If the British are fast enough, they can capture the bridge(s), an extra dropzone (SDP-V on the map) just outside Arnhem and/or destroy the German infantry. They must watch their backs however because unexpectedly Dutch/German conscript troops will threaten their dropzones from the NE corner.

I wrote two separate briefings, for the commanders. Limit turns and set a deadline that gives the British enough time to gain ground and maybe dig in, but long enough for the Germans to counterattack.

The BKC Airborne Assault Scenario

Inspiration was BKC scenario 11, ariborne assault.

A battlegroup lands by parachute and glider in an attempt to capture an objective such as a bridge or fortification. The attacker has 50% more points available than the defender and may purchase assets for scheduled air support. The defender will deploy first and may deploy one third of his battlegroup anywhere on the table when using hasty defence or all of his battlegroup in the centre third of the table when using fixed defence. When deploying one third of his battlegroup on the table, the defender should use mobile deployment for his troops that are off the table.

The attacker will take the first turn and should select a point anywhere on the table for each formation, then roll two dice and a direction die. Total the scores of the dice and the command unit is placed on the table this distance away from the aiming point in the direction of the arrow. The troops in the formation are then placed anywhere within 20cm. Repeat this process until all formations have been deployed.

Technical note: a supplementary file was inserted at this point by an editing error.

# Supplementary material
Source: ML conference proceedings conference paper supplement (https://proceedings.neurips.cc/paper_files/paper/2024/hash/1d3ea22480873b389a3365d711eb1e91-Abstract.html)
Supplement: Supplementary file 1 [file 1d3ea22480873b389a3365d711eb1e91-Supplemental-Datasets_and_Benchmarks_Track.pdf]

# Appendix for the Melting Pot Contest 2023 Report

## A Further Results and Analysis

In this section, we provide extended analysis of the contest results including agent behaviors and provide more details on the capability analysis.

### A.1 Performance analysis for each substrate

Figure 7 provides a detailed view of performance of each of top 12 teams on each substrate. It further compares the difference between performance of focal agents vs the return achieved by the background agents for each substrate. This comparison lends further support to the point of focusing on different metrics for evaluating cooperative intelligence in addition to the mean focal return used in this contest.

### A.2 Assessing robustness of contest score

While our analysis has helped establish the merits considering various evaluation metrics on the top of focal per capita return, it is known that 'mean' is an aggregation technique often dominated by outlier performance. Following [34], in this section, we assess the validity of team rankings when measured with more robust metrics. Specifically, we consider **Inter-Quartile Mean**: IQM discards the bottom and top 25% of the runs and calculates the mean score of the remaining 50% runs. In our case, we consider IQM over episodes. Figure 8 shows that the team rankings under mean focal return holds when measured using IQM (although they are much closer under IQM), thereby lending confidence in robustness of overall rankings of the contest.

The attacker should occupy the objective within 12 turns to achieve a minor victory and within 9 turns to achieve a major victory. The defender should prevent the attacker from reaching the objective to achieve a minor victory and break the opposing battlegroup to achieve a major victory. The game is limited to 12 turns with the attacker taking the first turn.

Add more troops as you see fit. If the game is decided too early, the umpire could as a mean surprise give one of the sides faster or extra reserve troops during gameplay (paratroopers or Germans) for a more tense game.

BRITISH BRIEFING

Hello commander!
Your two battalions just landed NW and SW of Wolfheze, 13km west of Arnhem. You must establish a bridgehead. You’re leading the first wave of attacks. The task is simple. Capture a bridge before the Nazis capture you!
We have three bridges in the area. The Oosterbeek railway bridge, a minor pontoon bridge and the Arnhem traffic bridge to Nijmegen.

Near Wolfheze are two dropzones. Our reinforcements will land there tomorrow, so keep them clear of enemies. NE of Oosterbeek, near Arnhem is a third dropzone (SDP-V). If you capture this we might be able to drop support weapons or transport jeeps.